Home > Aging, Memory > The valuable skill you learned in elementary school

The valuable skill you learned in elementary school

When I was a senior in high school, a close friend of mine was asked to help another friend’s older brother with a psychology experiment. She was going to be singing tracks for him, and all I remember was feeling entirely unsurprised, because she was the best singer I knew and I always been a little jealous of her. Fast-forward four years, and I’m searching through PsycInfo, looking at articles about music and memory, when I come across an incredibly familiar last name. “That’s so weird,” I think, “how many Simmons-Stern’s could there possibly be in the world?” So I read the article, and as it turns out, it’s the very same study that was being created my senior year, published in a real journal. Not only that, but it’s an incredibly interesting read, which is why I’m going to share it with all of you.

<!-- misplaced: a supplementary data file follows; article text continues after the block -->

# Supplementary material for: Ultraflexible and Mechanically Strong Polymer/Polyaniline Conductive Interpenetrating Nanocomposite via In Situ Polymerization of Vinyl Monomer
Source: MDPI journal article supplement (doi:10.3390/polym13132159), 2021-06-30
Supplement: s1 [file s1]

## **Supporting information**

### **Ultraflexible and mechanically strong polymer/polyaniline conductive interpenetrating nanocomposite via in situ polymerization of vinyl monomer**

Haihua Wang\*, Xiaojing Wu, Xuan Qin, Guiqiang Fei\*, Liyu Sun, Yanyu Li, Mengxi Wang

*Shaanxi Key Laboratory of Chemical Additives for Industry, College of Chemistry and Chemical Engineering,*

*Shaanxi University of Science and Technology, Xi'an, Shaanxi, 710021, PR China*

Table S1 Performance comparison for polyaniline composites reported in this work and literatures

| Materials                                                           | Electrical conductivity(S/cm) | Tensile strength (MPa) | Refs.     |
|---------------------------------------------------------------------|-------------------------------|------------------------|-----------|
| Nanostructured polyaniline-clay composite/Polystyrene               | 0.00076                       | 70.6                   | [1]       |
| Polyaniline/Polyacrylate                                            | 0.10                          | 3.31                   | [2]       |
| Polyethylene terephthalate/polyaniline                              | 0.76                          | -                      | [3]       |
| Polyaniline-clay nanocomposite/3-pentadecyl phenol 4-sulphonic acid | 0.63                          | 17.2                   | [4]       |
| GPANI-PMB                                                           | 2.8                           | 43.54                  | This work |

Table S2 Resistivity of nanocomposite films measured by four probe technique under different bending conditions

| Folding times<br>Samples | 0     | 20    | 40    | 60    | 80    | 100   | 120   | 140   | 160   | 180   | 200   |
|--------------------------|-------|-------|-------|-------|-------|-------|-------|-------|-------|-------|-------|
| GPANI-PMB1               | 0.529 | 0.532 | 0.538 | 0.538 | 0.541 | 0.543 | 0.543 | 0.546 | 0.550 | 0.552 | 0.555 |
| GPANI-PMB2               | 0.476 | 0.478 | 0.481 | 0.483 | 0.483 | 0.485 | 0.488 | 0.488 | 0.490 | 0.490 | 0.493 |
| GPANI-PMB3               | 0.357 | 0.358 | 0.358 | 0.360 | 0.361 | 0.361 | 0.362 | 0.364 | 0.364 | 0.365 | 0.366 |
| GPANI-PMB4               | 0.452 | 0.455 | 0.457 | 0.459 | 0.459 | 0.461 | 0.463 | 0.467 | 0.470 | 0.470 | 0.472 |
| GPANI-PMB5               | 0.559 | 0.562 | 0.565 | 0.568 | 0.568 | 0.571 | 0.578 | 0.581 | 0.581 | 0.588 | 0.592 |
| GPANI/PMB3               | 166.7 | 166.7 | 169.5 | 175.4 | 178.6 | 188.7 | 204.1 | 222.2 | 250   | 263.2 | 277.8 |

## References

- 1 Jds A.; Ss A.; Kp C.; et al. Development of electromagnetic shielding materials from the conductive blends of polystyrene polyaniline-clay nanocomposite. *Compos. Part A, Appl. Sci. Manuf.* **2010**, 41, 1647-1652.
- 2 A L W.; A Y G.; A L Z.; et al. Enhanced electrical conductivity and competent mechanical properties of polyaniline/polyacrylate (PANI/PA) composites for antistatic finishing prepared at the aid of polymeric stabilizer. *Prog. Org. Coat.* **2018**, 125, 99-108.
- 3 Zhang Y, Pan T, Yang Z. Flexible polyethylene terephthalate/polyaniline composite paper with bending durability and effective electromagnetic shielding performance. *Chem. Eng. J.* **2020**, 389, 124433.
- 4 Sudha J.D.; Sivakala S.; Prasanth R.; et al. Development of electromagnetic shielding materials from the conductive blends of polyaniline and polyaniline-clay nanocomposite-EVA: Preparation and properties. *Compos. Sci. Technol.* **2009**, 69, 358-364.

I would be shocked if you had gone through elementary school without learning a few musical mnemonics. I know that I personally still use the “50 States” song if I’m ever asked to name states (which is, admittedly, a rare occurrence). These types of strategies are useful because they provide you with an organizing tool for the information in the form of a tune, and because the music can then be used a memory cue when you’re trying to remember the information. Recent research, however, has been looking into the value of these types of strategies in helping older adults with Alzheimer’s Disease (AD) to remember facts and events. Alzheimer’s disease is the sixth leading cause of death in the US, and the Alzheimer’s Association estimates that as of 2013, about 5 million American’s over the age of 65 are living with the disease (for more information on AD, click here). While it involves a general slowing of cognitive processes and many specific deficits such as a loss of the ability to inhibit responses, one of the most notable effects of AD is a loss of episodic memory, or the memory of autobiographical events. The hope of research like the article I read is that memory can be used as a tool combat this episodic memory decline